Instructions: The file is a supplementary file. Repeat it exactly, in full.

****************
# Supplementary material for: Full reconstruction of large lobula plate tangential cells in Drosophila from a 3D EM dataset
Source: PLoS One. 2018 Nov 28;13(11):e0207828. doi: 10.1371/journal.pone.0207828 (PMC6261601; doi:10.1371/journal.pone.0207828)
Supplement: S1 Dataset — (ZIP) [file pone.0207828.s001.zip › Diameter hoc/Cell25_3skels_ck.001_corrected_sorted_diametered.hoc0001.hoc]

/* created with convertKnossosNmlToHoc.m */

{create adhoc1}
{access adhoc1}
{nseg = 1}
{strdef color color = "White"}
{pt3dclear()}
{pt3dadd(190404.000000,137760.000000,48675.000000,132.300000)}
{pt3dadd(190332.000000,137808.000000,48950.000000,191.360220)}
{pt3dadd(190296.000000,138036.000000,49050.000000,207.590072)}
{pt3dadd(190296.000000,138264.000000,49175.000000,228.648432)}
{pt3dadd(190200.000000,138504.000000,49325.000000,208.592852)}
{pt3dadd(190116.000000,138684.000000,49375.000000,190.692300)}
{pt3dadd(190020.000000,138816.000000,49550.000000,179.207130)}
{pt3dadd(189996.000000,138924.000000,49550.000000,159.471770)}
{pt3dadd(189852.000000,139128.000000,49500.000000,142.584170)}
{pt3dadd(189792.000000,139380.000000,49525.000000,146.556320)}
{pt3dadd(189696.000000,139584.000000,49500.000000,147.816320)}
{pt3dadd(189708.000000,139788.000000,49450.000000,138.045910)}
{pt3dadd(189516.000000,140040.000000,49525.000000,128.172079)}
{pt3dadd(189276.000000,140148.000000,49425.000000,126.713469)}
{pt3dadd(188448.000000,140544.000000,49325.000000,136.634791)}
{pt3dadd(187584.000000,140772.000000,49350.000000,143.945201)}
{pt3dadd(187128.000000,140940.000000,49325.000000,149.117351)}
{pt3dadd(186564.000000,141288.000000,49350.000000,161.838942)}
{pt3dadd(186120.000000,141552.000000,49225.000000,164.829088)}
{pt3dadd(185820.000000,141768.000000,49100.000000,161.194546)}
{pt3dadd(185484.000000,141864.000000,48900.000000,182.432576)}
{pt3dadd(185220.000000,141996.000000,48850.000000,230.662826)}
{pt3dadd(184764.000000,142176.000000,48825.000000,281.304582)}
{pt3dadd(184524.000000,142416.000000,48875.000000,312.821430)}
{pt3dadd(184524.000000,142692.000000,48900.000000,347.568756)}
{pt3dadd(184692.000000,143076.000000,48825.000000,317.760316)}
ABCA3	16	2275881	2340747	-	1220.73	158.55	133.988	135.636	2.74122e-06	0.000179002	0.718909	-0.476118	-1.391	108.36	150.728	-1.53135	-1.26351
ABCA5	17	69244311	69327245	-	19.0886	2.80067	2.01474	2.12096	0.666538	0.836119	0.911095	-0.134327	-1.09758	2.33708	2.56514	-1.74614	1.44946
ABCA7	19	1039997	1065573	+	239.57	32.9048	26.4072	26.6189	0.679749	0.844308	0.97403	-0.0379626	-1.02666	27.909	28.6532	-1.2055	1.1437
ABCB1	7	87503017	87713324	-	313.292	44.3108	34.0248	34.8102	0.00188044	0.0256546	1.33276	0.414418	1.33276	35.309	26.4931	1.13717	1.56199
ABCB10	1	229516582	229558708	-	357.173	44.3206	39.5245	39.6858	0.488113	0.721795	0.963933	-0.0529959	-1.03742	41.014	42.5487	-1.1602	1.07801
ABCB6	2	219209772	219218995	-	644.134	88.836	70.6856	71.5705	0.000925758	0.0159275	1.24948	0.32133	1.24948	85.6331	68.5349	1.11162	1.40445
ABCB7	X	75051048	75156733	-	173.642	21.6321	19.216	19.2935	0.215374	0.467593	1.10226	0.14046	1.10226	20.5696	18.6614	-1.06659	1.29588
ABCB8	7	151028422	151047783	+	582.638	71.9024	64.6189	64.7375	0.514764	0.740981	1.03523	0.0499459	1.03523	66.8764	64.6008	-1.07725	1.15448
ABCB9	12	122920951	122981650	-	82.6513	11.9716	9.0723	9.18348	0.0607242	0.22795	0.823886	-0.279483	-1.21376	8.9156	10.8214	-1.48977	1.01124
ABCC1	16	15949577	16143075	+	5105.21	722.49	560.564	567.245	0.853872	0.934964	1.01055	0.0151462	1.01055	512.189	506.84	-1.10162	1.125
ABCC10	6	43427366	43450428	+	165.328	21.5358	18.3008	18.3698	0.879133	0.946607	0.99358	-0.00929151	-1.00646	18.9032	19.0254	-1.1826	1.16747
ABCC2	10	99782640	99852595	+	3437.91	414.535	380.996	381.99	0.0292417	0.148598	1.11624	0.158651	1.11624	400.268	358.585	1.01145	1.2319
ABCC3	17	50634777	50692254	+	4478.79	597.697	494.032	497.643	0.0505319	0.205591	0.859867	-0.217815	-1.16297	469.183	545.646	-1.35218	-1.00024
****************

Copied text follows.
# Supplementary material for: Full reconstruction of large lobula plate tangential cells in Drosophila from a 3D EM dataset
Source: PLoS One. 2018 Nov 28;13(11):e0207828. doi: 10.1371/journal.pone.0207828 (PMC6261601; doi:10.1371/journal.pone.0207828)
Supplement: S1 Dataset — (ZIP) [file pone.0207828.s001.zip › Diameter hoc/Cell25_3skels_ck.001_corrected_sorted_diametered.hoc0001.hoc]

/* created with convertKnossosNmlToHoc.m */

{create adhoc1}
{access adhoc1}
{nseg = 1}
{strdef color color = "White"}
{pt3dclear()}
{pt3dadd(190404.000000,137760.000000,48675.000000,132.300000)}
{pt3dadd(190332.000000,137808.000000,48950.000000,191.360220)}
{pt3dadd(190296.000000,138036.000000,49050.000000,207.590072)}
{pt3dadd(190296.000000,138264.000000,49175.000000,228.648432)}
{pt3dadd(190200.000000,138504.000000,49325.000000,208.592852)}
{pt3dadd(190116.000000,138684.000000,49375.000000,190.692300)}
{pt3dadd(190020.000000,138816.000000,49550.000000,179.207130)}
{pt3dadd(189996.000000,138924.000000,49550.000000,159.471770)}
{pt3dadd(189852.000000,139128.000000,49500.000000,142.584170)}
{pt3dadd(189792.000000,139380.000000,49525.000000,146.556320)}
{pt3dadd(189696.000000,139584.000000,49500.000000,147.816320)}
{pt3dadd(189708.000000,139788.000000,49450.000000,138.045910)}
{pt3dadd(189516.000000,140040.000000,49525.000000,128.172079)}
{pt3dadd(189276.000000,140148.000000,49425.000000,126.713469)}
{pt3dadd(188448.000000,140544.000000,49325.000000,136.634791)}
{pt3dadd(187584.000000,140772.000000,49350.000000,143.945201)}
{pt3dadd(187128.000000,140940.000000,49325.000000,149.117351)}
{pt3dadd(186564.000000,141288.000000,49350.000000,161.838942)}
{pt3dadd(186120.000000,141552.000000,49225.000000,164.829088)}
{pt3dadd(185820.000000,141768.000000,49100.000000,161.194546)}
{pt3dadd(185484.000000,141864.000000,48900.000000,182.432576)}
{pt3dadd(185220.000000,141996.000000,48850.000000,230.662826)}
{pt3dadd(184764.000000,142176.000000,48825.000000,281.304582)}
{pt3dadd(184524.000000,142416.000000,48875.000000,312.821430)}
{pt3dadd(184524.000000,142692.000000,48900.000000,347.568756)}
{pt3dadd(184692.000000,143076.000000,48825.000000,317.760316)}
ABCA3	16	2275881	2340747	-	1220.73	158.55	133.988	135.636	2.74122e-06	0.000179002	0.718909	-0.476118	-1.391	108.36	150.728	-1.53135	-1.26351
ABCA5	17	69244311	69327245	-	19.0886	2.80067	2.01474	2.12096	0.666538	0.836119	0.911095	-0.134327	-1.09758	2.33708	2.56514	-1.74614	1.44946
ABCA7	19	1039997	1065573	+	239.57	32.9048	26.4072	26.6189	0.679749	0.844308	0.97403	-0.0379626	-1.02666	27.909	28.6532	-1.2055	1.1437
ABCB1	7	87503017	87713324	-	313.292	44.3108	34.0248	34.8102	0.00188044	0.0256546	1.33276	0.414418	1.33276	35.309	26.4931	1.13717	1.56199
ABCB10	1	229516582	229558708	-	357.173	44.3206	39.5245	39.6858	0.488113	0.721795	0.963933	-0.0529959	-1.03742	41.014	42.5487	-1.1602	1.07801
ABCB6	2	219209772	219218995	-	644.134	88.836	70.6856	71.5705	0.000925758	0.0159275	1.24948	0.32133	1.24948	85.6331	68.5349	1.11162	1.40445
ABCB7	X	75051048	75156733	-	173.642	21.6321	19.216	19.2935	0.215374	0.467593	1.10226	0.14046	1.10226	20.5696	18.6614	-1.06659	1.29588
ABCB8	7	151028422	151047783	+	582.638	71.9024	64.6189	64.7375	0.514764	0.740981	1.03523	0.0499459	1.03523	66.8764	64.6008	-1.07725	1.15448
ABCB9	12	122920951	122981650	-	82.6513	11.9716	9.0723	9.18348	0.0607242	0.22795	0.823886	-0.279483	-1.21376	8.9156	10.8214	-1.48977	1.01124
ABCC1	16	15949577	16143075	+	5105.21	722.49	560.564	567.245	0.853872	0.934964	1.01055	0.0151462	1.01055	512.189	506.84	-1.10162	1.125
ABCC10	6	43427366	43450428	+	165.328	21.5358	18.3008	18.3698	0.879133	0.946607	0.99358	-0.00929151	-1.00646	18.9032	19.0254	-1.1826	1.16747
ABCC2	10	99782640	99852595	+	3437.91	414.535	380.996	381.99	0.0292417	0.148598	1.11624	0.158651	1.11624	400.268	358.585	1.01145	1.2319
ABCC3	17	50634777	50692254	+	4478.79	597.697	494.032	497.643	0.0505319	0.205591	0.859867	-0.217815	-1.16297	469.183	545.646	-1.35218	-1.00024